Step 3: Define the CRITICAL Business Drivers – This step is unique to the focused planning process and is the critical element that separates it from the traditional strategic planning process. Leveraging the information gathered in step 1 and responding to the mission statement created in step 2, the planning team works together to identify the value creating business drivers, or business-critical strategic objectives, the organization must focus on to successfully achieve its mission. Leveraging the strategy map format, this step defines the key elements of the long-term business strategy while also expressing the strategy in operational, action-oriented terms. Applying weighting to the strategy map allows the planning team to select the sub-set of strategic objectives receiving targeted focus over the vision period (i.e. the next 3 to 5 years).
Step 4: Define the Roadmap to Get from Here to There – Once the business critical strategic objectives have been identified and defined, this step focuses on lining up all current strategic projects and core business processes with them. Doing this helps identify any obvious gaps in business activity. Existing gaps must be addressed with gap-closing strategic projects if the organization hopes to implement its plan and achieve its mission and vision. Completing this alignment exercise also allows the organization to link up its daily business activities (i.e. operational work processes and project activities) with the business strategy, opening the door for employees to see how the work they do every day connects with the key drivers of the business and the strategy. A second stage gap analysis exercise allows the planning team to identify any new/additional gap-closing projects and activities to be completed at various levels of the organization, this defining the roadmap for moving the organization from the current state to the future state.
Step 5: Define the Framework for “Real Time” Strategy Management – Once the strategy has been established, the organization must define the set of indicators that will allow the organization to measure strategic objective health and manage strategy implementation and mission and vision achievement. It must also define the governance framework (the process and accountabilities for managing strategy on an ongoing, dynamic basis) required to ensure that dynamic and continuous strategy execution and management actually happens. The natural next step in the focused planning process is the creation of cascaded/aligned strategy maps, strategic plans, and balanced scorecards at the business unit, department, team, and individual employee levels.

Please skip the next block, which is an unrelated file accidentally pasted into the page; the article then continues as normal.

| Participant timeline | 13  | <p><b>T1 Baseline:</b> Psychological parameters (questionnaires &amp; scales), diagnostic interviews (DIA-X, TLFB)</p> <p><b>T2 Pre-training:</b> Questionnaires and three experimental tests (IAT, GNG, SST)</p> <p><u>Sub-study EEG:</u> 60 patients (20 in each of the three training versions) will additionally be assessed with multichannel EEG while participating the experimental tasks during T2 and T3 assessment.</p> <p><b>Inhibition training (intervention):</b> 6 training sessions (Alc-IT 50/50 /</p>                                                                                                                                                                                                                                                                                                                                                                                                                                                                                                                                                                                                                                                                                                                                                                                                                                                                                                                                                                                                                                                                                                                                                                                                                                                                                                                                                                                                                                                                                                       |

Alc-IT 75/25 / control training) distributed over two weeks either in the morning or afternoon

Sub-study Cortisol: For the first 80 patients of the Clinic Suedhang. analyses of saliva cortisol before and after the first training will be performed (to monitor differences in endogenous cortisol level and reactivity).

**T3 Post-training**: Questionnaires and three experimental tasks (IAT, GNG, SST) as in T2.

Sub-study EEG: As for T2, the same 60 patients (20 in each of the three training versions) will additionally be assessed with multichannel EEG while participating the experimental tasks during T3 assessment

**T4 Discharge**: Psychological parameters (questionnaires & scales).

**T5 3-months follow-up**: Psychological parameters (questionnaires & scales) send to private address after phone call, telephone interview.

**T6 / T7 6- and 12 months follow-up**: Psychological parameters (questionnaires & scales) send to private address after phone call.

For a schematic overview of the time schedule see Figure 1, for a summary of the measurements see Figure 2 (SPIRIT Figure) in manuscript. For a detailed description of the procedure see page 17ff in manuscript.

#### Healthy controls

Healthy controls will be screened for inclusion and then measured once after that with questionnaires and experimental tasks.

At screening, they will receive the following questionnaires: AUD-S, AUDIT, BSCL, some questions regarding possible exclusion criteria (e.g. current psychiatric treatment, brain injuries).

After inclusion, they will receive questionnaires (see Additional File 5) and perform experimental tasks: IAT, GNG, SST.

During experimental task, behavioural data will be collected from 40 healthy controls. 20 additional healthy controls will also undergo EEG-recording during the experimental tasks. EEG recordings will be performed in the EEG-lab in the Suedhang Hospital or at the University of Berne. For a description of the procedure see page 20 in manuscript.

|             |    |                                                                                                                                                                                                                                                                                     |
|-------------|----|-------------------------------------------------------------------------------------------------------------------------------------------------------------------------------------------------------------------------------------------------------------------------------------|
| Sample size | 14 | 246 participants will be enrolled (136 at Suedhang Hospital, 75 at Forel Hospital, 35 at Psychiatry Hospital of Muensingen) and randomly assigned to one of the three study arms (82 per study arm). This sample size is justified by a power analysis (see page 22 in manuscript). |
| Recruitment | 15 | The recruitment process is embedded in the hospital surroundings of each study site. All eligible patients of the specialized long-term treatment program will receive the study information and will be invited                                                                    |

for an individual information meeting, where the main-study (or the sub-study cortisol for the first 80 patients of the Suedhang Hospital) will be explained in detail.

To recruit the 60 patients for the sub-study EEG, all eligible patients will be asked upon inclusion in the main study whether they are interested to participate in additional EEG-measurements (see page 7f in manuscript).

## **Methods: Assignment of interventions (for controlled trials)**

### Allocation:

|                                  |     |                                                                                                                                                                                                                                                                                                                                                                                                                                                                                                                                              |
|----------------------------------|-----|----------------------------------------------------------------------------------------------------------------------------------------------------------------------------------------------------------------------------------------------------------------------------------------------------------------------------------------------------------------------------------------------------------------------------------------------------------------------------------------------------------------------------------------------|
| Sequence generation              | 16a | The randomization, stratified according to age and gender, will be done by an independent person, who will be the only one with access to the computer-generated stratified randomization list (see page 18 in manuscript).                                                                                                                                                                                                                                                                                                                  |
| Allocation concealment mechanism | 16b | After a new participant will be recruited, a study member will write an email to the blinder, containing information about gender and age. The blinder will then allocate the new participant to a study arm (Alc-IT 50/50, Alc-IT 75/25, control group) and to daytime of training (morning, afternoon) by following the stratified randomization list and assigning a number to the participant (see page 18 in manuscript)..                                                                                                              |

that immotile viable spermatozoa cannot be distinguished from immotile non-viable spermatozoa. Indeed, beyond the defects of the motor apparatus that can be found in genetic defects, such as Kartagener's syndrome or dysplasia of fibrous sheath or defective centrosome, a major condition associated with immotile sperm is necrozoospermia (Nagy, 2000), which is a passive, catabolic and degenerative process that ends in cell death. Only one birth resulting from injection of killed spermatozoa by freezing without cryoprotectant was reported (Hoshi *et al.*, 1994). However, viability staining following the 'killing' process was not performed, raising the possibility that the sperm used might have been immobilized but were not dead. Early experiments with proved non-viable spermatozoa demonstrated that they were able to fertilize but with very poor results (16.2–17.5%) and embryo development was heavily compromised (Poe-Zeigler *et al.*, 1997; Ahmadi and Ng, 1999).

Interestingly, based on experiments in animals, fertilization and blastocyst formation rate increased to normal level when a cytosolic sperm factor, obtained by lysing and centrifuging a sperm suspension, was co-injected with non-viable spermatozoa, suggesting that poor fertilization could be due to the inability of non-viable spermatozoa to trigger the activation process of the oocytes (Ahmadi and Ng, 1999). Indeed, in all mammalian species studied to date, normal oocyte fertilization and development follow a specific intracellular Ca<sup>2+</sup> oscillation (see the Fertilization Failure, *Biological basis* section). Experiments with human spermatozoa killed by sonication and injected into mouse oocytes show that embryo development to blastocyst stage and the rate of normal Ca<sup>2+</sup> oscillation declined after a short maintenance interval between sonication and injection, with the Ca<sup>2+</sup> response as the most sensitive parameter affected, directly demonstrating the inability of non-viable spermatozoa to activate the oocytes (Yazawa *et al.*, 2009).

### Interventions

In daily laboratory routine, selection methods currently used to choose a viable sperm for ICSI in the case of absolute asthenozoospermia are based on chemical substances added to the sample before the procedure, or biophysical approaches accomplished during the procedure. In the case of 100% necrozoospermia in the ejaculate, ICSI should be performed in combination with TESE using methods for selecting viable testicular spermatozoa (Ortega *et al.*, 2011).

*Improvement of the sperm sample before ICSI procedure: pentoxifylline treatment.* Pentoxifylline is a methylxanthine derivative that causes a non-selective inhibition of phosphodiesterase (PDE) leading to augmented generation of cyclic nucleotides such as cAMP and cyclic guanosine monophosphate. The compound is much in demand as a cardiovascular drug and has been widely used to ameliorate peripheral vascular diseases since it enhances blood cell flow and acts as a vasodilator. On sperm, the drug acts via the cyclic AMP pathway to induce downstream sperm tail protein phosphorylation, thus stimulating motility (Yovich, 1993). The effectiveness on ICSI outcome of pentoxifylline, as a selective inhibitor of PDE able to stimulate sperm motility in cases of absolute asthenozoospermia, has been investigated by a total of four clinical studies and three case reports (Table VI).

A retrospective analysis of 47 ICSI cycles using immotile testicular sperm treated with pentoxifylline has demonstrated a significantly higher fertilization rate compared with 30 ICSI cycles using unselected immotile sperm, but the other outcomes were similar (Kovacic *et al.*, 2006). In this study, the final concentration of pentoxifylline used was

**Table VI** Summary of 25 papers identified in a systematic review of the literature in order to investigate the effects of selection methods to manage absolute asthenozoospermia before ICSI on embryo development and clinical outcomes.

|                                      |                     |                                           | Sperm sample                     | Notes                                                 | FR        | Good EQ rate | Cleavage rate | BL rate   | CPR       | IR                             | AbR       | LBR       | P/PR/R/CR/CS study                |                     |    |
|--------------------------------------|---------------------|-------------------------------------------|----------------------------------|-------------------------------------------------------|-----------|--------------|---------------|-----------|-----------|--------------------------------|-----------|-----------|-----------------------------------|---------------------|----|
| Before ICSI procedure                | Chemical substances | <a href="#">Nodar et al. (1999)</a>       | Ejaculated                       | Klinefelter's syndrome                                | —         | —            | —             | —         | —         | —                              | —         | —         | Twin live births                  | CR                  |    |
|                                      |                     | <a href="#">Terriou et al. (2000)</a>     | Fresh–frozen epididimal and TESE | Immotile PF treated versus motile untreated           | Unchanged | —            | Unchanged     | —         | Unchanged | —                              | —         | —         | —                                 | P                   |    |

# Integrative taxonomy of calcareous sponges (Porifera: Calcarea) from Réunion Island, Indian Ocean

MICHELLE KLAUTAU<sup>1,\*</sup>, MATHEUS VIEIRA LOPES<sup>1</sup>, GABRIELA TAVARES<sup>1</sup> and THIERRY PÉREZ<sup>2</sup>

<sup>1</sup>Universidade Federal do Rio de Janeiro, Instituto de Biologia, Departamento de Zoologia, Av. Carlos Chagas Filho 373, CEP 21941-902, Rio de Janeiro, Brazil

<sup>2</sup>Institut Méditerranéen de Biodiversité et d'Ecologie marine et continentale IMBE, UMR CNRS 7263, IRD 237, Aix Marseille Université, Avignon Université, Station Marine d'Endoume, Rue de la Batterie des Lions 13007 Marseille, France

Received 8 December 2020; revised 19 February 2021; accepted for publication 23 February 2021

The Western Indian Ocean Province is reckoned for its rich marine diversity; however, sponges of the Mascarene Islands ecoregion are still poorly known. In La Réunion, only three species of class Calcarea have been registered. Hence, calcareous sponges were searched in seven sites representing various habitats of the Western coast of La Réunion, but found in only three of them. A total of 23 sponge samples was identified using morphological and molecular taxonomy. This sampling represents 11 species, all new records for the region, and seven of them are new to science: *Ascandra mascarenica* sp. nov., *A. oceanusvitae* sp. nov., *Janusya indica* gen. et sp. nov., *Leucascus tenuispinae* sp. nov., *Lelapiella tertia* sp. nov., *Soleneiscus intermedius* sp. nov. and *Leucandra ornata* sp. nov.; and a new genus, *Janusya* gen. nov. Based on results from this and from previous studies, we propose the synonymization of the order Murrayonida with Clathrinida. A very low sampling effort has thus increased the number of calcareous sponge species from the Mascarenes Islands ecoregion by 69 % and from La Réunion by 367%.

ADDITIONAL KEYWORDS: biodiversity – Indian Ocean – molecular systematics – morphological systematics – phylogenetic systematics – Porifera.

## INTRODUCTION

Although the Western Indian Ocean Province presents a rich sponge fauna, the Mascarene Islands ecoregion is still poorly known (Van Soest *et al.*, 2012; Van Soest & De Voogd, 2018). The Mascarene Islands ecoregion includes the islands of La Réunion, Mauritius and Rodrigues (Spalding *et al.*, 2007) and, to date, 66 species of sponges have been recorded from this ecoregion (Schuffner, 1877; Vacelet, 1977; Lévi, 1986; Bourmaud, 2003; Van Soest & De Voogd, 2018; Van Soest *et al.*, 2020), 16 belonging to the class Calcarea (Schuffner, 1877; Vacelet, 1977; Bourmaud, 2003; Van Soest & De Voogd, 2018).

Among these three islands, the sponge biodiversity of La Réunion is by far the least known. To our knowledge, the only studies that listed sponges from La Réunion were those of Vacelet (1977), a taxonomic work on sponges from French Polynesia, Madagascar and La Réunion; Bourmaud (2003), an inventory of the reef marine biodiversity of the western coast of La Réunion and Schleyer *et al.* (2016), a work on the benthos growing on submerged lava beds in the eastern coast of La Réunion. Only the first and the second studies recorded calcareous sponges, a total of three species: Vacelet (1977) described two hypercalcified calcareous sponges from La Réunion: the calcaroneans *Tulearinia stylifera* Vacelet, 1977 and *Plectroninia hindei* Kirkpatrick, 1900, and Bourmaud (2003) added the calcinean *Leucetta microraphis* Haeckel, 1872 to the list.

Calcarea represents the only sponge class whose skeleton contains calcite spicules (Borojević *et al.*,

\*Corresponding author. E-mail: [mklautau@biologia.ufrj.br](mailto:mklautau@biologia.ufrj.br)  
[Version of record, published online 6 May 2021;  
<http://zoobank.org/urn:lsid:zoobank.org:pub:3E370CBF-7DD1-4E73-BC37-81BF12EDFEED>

The Focused Planning Process – Providing a Solid Foundation for Strategy Execution Excellence
With the strategy map created in step 3 as its centerpiece, and completed using a cross-functional employee team-steering committee approach, the focused planning approach offers organizations an improved strategy creation process that produces a better output. The result is a truly strategic plan and a strong foundation for strategy execution and management success. The critical difference with the focused planning process is the identification of the value chain, in the form of action-oriented strategic objectives, required to achieve the organization’s mission and vision – presented in the form of a strategy map. By translating the business strategy into actionable terms AND defining strategy management accountabilities, the strategy map makes executing strategy easier than ever before.
Next blog: The second pillar of strategy execution excellence – the FOCUSED strategy execution process.